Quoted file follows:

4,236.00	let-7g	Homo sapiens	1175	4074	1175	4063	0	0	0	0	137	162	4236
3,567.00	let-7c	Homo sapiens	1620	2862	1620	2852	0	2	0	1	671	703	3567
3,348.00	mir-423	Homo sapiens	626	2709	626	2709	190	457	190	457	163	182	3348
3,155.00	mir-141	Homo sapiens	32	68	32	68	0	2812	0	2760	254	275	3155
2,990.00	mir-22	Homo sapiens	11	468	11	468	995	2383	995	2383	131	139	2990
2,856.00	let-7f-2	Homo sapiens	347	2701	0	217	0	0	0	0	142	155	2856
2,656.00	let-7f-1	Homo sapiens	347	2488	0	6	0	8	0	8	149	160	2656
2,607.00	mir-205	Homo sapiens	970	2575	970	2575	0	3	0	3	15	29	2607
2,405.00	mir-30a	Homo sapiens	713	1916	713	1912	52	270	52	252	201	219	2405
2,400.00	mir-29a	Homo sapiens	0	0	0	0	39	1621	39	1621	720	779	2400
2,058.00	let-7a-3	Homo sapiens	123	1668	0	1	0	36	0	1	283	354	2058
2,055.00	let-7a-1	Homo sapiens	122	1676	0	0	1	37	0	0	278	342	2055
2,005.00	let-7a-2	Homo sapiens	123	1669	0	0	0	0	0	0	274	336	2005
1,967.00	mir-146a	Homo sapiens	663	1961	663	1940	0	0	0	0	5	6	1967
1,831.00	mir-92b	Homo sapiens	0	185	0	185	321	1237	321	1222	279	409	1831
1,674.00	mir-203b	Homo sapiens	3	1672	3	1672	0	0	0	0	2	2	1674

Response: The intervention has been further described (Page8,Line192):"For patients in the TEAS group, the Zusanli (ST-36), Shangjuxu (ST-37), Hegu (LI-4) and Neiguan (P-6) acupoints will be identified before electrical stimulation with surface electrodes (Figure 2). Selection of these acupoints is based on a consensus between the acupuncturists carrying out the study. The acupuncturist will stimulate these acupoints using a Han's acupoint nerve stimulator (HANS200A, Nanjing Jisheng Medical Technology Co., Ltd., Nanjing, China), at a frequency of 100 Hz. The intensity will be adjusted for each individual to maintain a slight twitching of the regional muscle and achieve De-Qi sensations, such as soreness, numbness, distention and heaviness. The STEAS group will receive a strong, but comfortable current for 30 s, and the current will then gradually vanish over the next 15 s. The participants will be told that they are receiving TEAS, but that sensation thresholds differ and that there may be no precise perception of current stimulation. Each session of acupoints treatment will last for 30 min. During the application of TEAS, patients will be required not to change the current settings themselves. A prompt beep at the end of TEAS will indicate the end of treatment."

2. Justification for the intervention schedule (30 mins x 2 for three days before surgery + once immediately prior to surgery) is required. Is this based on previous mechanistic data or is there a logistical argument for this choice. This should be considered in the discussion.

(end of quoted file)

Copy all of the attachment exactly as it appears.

4,236.00	let-7g	Homo sapiens	1175	4074	1175	4063	0	0	0	0	137	162	4236
3,567.00	let-7c	Homo sapiens	1620	2862	1620	2852	0	2	0	1	671	703	3567
3,348.00	mir-423	Homo sapiens	626	2709	626	2709	190	457	190	457	163	182	3348
3,155.00	mir-141	Homo sapiens	32	68	32	68	0	2812	0	2760	254	275	3155
2,990.00	mir-22	Homo sapiens	11	468	11	468	995	2383	995	2383	131	139	2990
2,856.00	let-7f-2	Homo sapiens	347	2701	0	217	0	0	0	0	142	155	2856
2,656.00	let-7f-1	Homo sapiens	347	2488	0	6	0	8	0	8	149	160	2656
2,607.00	mir-205	Homo sapiens	970	2575	970	2575	0	3	0	3	15	29	2607
2,405.00	mir-30a	Homo sapiens	713	1916	713	1912	52	270	52	252	201	219	2405
2,400.00	mir-29a	Homo sapiens	0	0	0	0	39	1621	39	1621	720	779	2400
2,058.00	let-7a-3	Homo sapiens	123	1668	0	1	0	36	0	1	283	354	2058
2,055.00	let-7a-1	Homo sapiens	122	1676	0	0	1	37	0	0	278	342	2055
2,005.00	let-7a-2	Homo sapiens	123	1669	0	0	0	0	0	0	274	336	2005
1,967.00	mir-146a	Homo sapiens	663	1961	663	1940	0	0	0	0	5	6	1967
1,831.00	mir-92b	Homo sapiens	0	185	0	185	321	1237	321	1222	279	409	1831
1,674.00	mir-203b	Homo sapiens	3	1672	3	1672	0	0	0	0	2	2	1674

Response: The intervention has been further described (Page8,Line192):"For patients in the TEAS group, the Zusanli (ST-36), Shangjuxu (ST-37), Hegu (LI-4) and Neiguan (P-6) acupoints will be identified before electrical stimulation with surface electrodes (Figure 2). Selection of these acupoints is based on a consensus between the acupuncturists carrying out the study. The acupuncturist will stimulate these acupoints using a Han's acupoint nerve stimulator (HANS200A, Nanjing Jisheng Medical Technology Co., Ltd., Nanjing, China), at a frequency of 100 Hz. The intensity will be adjusted for each individual to maintain a slight twitching of the regional muscle and achieve De-Qi sensations, such as soreness, numbness, distention and heaviness. The STEAS group will receive a strong, but comfortable current for 30 s, and the current will then gradually vanish over the next 15 s. The participants will be told that they are receiving TEAS, but that sensation thresholds differ and that there may be no precise perception of current stimulation. Each session of acupoints treatment will last for 30 min. During the application of TEAS, patients will be required not to change the current settings themselves. A prompt beep at the end of TEAS will indicate the end of treatment."

2. Justification for the intervention schedule (30 mins x 2 for three days before surgery + once immediately prior to surgery) is required. Is this based on previous mechanistic data or is there a logistical argument for this choice. This should be considered in the discussion.